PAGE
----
Noncalcified Coronary Plaque Volumes in Healthy People With a Family History of Early Onset Coronary Artery DiseaseCLINICAL PERSPECTIVE
Background—Although age and sex distributions of calcified coronary plaque have been well described in the general population, noncalcified plaque (NCP) distributions remain unknown. This is important because NCP is a putative precursor for clinical coronary artery disease and could serve as a sentinel for aggressive primary prevention, especially in high-risk populations. We examined the distributions of NCP and calcified coronary plaque in healthy 30- to 74-year-old individuals from families with early onset coronary artery disease.
Methods and Results—Participants in the GeneSTAR family study (N=805), mean age 51.1±10.8 years, 56% women, were screened for coronary artery disease risk factors and coronary plaque using dual-source computed tomographic angiography. Plaque volumes (mm3) were quantified using a validated automated method. The prevalence of coronary plaque was 57.8% in men and 35.8% in women (P<0.0001). NCP volume increased with age (P<0.001) and was higher in men than women (P<0.001). Although NCP, as a percentage of total plaque, was inversely related to age (P<0.01), NCP accounted for most of the total plaque volume at all ages, especially in men and women <55 years (>70% and >80%, respectively). Higher Framingham risk was associated with the number of affected vessels (P<0.01), but 44% of men and 20.8% of women considered intermediate risk had left main and 3-vessel disease involvement.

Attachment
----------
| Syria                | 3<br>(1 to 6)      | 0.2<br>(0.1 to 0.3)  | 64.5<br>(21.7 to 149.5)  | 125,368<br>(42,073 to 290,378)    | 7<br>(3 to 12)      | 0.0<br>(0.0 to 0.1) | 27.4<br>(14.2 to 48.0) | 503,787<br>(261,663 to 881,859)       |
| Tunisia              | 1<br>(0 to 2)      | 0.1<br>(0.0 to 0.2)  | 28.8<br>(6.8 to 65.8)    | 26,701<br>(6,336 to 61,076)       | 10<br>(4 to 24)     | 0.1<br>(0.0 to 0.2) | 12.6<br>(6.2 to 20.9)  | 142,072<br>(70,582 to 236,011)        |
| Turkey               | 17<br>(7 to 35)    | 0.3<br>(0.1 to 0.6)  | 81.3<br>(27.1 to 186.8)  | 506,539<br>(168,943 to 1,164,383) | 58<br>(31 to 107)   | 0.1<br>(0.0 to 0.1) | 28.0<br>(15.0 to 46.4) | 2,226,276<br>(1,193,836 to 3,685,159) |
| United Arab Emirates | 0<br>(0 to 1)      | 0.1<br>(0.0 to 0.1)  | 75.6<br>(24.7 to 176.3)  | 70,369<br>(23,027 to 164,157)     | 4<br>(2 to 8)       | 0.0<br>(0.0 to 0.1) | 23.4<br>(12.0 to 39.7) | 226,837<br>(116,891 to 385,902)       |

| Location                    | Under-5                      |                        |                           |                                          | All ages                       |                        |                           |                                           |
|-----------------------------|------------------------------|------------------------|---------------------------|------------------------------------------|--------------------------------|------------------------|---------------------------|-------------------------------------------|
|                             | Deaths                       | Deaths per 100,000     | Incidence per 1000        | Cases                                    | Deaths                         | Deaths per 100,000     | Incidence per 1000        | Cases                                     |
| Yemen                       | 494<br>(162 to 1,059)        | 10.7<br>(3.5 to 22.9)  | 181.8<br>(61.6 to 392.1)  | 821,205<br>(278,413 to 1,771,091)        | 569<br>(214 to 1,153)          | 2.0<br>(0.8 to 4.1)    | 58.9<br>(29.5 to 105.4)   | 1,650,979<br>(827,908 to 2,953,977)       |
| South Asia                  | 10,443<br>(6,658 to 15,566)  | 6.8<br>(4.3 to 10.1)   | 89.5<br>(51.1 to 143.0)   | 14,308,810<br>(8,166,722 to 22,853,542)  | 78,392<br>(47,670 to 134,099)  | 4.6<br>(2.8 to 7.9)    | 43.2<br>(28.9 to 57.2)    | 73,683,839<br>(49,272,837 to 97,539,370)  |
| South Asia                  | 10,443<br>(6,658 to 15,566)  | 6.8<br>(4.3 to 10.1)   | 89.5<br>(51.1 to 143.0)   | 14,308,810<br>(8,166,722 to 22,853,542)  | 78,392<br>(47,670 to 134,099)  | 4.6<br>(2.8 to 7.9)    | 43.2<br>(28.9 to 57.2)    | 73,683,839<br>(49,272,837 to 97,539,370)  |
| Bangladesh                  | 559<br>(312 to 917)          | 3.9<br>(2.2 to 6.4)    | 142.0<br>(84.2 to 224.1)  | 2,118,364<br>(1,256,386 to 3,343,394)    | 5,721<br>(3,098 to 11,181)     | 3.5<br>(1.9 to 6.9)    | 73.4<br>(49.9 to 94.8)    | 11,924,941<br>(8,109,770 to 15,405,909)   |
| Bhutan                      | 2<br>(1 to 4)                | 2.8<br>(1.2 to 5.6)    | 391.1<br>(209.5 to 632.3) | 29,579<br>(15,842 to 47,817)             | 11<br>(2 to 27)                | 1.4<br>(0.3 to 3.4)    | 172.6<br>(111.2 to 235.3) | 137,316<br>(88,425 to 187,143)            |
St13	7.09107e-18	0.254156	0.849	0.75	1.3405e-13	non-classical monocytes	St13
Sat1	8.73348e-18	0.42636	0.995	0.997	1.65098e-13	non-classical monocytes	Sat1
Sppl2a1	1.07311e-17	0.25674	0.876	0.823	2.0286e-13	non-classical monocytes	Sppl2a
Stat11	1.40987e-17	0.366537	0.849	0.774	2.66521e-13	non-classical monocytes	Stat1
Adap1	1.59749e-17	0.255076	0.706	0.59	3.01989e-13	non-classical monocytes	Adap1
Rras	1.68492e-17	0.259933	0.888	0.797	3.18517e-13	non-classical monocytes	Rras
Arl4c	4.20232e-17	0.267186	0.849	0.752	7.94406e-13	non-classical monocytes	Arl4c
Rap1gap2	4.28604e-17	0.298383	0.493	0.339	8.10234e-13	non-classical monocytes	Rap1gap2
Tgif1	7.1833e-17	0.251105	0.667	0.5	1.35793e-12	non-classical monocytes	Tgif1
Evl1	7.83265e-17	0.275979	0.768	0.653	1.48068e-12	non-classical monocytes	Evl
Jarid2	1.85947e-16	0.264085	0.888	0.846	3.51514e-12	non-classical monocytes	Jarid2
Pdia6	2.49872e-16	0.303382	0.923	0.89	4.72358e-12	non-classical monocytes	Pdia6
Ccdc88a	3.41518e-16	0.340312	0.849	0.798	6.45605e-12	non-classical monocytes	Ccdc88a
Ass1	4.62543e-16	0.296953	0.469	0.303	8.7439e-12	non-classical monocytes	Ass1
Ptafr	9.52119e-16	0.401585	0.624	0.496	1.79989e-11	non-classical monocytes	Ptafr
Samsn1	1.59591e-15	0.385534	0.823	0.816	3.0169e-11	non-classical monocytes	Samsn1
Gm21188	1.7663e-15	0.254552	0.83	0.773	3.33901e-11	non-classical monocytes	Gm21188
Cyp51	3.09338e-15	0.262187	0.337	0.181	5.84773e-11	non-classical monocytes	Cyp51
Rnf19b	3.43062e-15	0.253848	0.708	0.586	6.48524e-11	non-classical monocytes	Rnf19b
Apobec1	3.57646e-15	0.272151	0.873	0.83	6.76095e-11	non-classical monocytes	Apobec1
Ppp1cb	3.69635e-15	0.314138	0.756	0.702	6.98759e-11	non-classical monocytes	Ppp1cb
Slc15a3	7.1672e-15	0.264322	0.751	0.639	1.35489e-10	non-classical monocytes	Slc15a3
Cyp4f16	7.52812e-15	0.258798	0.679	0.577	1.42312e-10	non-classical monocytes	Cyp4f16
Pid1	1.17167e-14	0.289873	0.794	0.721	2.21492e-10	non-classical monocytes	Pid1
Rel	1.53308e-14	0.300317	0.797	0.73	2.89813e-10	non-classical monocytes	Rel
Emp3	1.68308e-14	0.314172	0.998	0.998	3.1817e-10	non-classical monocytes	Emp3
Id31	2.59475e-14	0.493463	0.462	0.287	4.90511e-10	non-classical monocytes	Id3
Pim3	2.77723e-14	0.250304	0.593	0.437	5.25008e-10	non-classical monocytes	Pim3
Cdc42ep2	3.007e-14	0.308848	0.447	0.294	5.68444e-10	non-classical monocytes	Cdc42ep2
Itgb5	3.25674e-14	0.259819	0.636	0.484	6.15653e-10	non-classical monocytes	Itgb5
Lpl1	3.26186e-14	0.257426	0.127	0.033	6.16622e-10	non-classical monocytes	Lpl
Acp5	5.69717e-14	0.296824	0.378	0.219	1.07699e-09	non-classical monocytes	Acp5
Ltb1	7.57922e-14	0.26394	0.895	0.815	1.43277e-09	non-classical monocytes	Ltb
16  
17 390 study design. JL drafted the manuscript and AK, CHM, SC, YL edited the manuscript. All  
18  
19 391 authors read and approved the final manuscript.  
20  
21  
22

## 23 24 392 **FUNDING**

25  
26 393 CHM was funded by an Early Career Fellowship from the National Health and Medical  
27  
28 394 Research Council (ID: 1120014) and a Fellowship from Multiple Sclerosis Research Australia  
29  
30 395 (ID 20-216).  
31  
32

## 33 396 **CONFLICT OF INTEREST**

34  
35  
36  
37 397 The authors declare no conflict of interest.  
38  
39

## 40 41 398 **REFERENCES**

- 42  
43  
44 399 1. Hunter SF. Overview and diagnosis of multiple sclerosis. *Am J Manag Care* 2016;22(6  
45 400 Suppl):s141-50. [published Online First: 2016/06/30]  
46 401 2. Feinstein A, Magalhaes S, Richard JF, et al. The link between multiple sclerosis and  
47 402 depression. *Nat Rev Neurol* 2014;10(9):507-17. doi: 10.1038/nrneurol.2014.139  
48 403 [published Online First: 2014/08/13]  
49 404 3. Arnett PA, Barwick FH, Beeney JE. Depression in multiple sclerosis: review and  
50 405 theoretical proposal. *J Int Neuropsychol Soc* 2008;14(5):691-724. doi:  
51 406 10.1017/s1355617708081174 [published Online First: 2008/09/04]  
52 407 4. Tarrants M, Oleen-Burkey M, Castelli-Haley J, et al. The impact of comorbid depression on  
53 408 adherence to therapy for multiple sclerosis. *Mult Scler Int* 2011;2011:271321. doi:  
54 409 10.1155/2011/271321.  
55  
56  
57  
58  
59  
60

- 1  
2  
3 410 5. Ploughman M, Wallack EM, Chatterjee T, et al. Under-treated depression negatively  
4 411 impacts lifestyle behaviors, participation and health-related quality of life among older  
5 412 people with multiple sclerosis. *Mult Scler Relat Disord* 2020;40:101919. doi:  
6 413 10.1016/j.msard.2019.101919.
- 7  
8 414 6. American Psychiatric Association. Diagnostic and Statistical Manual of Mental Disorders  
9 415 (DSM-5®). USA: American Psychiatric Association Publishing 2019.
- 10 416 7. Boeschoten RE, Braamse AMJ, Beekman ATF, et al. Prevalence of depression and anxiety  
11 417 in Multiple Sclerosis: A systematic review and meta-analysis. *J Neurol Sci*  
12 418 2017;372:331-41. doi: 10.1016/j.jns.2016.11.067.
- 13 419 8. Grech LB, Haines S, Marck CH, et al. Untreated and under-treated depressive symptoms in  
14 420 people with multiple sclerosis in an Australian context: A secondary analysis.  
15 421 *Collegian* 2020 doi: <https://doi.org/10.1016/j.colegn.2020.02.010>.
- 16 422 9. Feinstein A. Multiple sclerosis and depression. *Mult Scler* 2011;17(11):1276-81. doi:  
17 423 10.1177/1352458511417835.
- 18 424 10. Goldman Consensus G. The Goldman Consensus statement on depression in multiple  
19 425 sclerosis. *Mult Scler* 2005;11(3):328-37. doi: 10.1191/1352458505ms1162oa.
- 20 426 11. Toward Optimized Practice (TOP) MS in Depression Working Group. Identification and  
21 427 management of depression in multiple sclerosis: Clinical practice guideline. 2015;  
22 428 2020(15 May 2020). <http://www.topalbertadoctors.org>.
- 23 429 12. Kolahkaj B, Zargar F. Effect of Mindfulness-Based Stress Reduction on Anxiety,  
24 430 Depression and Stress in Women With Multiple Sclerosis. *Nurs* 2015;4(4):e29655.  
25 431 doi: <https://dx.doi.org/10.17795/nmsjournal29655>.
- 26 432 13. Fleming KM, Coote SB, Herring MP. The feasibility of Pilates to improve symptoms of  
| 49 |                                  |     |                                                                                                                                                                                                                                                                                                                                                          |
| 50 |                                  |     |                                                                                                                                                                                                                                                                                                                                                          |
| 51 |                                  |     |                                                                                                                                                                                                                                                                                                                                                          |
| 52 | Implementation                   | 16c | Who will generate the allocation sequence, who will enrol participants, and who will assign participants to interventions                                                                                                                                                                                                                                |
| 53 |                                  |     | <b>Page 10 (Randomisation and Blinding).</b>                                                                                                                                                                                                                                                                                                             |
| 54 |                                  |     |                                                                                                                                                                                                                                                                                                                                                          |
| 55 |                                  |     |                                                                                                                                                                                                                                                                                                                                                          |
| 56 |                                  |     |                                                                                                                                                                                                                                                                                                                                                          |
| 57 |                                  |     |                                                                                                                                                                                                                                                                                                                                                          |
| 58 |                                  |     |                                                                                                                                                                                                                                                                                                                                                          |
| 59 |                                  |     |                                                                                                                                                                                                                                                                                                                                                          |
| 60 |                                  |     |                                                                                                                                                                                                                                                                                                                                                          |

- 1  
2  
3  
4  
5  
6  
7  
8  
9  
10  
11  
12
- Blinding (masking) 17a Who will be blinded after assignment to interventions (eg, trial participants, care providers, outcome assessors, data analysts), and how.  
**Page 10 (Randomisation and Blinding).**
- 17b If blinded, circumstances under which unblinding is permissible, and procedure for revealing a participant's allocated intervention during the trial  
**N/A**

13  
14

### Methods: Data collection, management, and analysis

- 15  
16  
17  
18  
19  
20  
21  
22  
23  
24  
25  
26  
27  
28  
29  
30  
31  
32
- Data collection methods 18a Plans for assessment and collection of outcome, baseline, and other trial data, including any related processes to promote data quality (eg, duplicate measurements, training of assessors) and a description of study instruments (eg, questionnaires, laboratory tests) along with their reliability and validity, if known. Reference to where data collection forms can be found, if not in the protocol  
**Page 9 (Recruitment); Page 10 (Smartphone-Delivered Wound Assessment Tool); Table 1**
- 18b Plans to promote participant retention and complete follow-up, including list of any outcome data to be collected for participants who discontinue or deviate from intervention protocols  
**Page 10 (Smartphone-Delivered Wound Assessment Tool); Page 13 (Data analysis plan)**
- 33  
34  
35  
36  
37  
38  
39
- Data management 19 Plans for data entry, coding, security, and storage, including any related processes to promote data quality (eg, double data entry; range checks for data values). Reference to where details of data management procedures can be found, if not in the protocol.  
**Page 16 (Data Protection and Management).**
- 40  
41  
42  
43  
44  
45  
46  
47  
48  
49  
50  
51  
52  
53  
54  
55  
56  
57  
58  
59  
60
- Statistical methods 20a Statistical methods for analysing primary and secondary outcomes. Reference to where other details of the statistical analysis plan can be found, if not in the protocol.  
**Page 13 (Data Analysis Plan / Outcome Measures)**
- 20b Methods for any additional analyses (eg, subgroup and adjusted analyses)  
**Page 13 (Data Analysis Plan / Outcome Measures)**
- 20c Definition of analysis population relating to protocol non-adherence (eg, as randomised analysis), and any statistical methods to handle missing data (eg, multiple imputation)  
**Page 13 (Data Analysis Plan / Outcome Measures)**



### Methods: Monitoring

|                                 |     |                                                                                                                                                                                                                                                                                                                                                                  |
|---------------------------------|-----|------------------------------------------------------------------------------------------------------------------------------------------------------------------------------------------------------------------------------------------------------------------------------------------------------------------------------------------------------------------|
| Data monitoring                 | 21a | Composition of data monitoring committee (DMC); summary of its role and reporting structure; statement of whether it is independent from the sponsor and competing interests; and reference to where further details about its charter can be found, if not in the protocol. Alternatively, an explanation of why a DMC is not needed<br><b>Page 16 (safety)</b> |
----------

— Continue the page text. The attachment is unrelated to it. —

Conclusions—The majority of coronary plaque was noncalcified, particularly in younger individuals. These findings support the importance of assessing family history and suggest that early primary prevention interventions may be warranted at younger ages in families with early onset coronary artery disease.
- Received July 29, 2013.
- Accepted February 15, 2014.
- © 2014 American Heart Association, Inc.